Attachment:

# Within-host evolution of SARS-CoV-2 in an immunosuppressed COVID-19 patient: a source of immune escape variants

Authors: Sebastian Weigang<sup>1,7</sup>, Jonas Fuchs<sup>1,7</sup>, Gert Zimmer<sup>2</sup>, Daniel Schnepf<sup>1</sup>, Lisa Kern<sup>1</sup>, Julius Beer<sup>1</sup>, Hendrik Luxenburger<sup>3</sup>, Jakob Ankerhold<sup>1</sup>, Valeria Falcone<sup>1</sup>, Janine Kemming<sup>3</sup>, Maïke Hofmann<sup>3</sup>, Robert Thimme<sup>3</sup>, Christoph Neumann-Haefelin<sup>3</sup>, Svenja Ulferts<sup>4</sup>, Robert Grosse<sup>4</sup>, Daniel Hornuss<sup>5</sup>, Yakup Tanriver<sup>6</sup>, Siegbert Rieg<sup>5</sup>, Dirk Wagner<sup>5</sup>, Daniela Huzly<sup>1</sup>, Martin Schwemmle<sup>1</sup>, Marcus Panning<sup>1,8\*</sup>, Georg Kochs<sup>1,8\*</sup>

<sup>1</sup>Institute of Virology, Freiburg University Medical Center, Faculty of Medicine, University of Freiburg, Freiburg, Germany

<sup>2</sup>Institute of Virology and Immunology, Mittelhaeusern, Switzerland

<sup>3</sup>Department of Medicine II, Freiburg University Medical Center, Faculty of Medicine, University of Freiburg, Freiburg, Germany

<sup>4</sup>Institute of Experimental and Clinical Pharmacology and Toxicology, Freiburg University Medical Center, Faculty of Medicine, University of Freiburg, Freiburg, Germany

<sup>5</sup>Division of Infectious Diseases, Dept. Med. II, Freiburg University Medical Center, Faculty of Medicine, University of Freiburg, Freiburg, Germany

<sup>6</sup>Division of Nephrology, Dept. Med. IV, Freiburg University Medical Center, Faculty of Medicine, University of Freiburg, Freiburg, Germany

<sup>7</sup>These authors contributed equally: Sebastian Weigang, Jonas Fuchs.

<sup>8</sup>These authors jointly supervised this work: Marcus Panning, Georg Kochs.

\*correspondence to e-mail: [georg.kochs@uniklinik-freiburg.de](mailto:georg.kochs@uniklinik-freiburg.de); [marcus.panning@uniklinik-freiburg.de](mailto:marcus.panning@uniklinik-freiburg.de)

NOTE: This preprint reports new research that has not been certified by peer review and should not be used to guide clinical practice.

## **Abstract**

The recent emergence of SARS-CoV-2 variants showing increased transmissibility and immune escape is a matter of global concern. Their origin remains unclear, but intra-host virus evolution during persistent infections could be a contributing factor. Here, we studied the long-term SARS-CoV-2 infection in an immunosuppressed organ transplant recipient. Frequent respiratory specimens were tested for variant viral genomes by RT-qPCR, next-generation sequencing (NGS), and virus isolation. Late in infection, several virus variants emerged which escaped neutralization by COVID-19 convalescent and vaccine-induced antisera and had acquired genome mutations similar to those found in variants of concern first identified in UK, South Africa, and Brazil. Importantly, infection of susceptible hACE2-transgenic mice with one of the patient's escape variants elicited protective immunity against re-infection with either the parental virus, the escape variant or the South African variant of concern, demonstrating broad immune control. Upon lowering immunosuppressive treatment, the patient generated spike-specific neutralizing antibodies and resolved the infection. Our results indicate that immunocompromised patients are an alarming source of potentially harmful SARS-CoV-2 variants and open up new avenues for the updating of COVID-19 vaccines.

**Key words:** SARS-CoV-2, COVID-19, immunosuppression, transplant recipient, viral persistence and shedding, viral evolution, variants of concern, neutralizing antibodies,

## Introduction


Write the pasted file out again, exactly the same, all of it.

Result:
# Within-host evolution of SARS-CoV-2 in an immunosuppressed COVID-19 patient: a source of immune escape variants

Authors: Sebastian Weigang<sup>1,7</sup>, Jonas Fuchs<sup>1,7</sup>, Gert Zimmer<sup>2</sup>, Daniel Schnepf<sup>1</sup>, Lisa Kern<sup>1</sup>, Julius Beer<sup>1</sup>, Hendrik Luxenburger<sup>3</sup>, Jakob Ankerhold<sup>1</sup>, Valeria Falcone<sup>1</sup>, Janine Kemming<sup>3</sup>, Maïke Hofmann<sup>3</sup>, Robert Thimme<sup>3</sup>, Christoph Neumann-Haefelin<sup>3</sup>, Svenja Ulferts<sup>4</sup>, Robert Grosse<sup>4</sup>, Daniel Hornuss<sup>5</sup>, Yakup Tanriver<sup>6</sup>, Siegbert Rieg<sup>5</sup>, Dirk Wagner<sup>5</sup>, Daniela Huzly<sup>1</sup>, Martin Schwemmle<sup>1</sup>, Marcus Panning<sup>1,8\*</sup>, Georg Kochs<sup>1,8\*</sup>

<sup>1</sup>Institute of Virology, Freiburg University Medical Center, Faculty of Medicine, University of Freiburg, Freiburg, Germany

<sup>2</sup>Institute of Virology and Immunology, Mittelhaeusern, Switzerland

<sup>3</sup>Department of Medicine II, Freiburg University Medical Center, Faculty of Medicine, University of Freiburg, Freiburg, Germany

<sup>4</sup>Institute of Experimental and Clinical Pharmacology and Toxicology, Freiburg University Medical Center, Faculty of Medicine, University of Freiburg, Freiburg, Germany

<sup>5</sup>Division of Infectious Diseases, Dept. Med. II, Freiburg University Medical Center, Faculty of Medicine, University of Freiburg, Freiburg, Germany

<sup>6</sup>Division of Nephrology, Dept. Med. IV, Freiburg University Medical Center, Faculty of Medicine, University of Freiburg, Freiburg, Germany

<sup>7</sup>These authors contributed equally: Sebastian Weigang, Jonas Fuchs.

<sup>8</sup>These authors jointly supervised this work: Marcus Panning, Georg Kochs.

\*correspondence to e-mail: [georg.kochs@uniklinik-freiburg.de](mailto:georg.kochs@uniklinik-freiburg.de); [marcus.panning@uniklinik-freiburg.de](mailto:marcus.panning@uniklinik-freiburg.de)

NOTE: This preprint reports new research that has not been certified by peer review and should not be used to guide clinical practice.

## **Abstract**

The recent emergence of SARS-CoV-2 variants showing increased transmissibility and immune escape is a matter of global concern. Their origin remains unclear, but intra-host virus evolution during persistent infections could be a contributing factor. Here, we studied the long-term SARS-CoV-2 infection in an immunosuppressed organ transplant recipient. Frequent respiratory specimens were tested for variant viral genomes by RT-qPCR, next-generation sequencing (NGS), and virus isolation. Late in infection, several virus variants emerged which escaped neutralization by COVID-19 convalescent and vaccine-induced antisera and had acquired genome mutations similar to those found in variants of concern first identified in UK, South Africa, and Brazil. Importantly, infection of susceptible hACE2-transgenic mice with one of the patient's escape variants elicited protective immunity against re-infection with either the parental virus, the escape variant or the South African variant of concern, demonstrating broad immune control. Upon lowering immunosuppressive treatment, the patient generated spike-specific neutralizing antibodies and resolved the infection. Our results indicate that immunocompromised patients are an alarming source of potentially harmful SARS-CoV-2 variants and open up new avenues for the updating of COVID-19 vaccines.

**Key words:** SARS-CoV-2, COVID-19, immunosuppression, transplant recipient, viral persistence and shedding, viral evolution, variants of concern, neutralizing antibodies,

## Introduction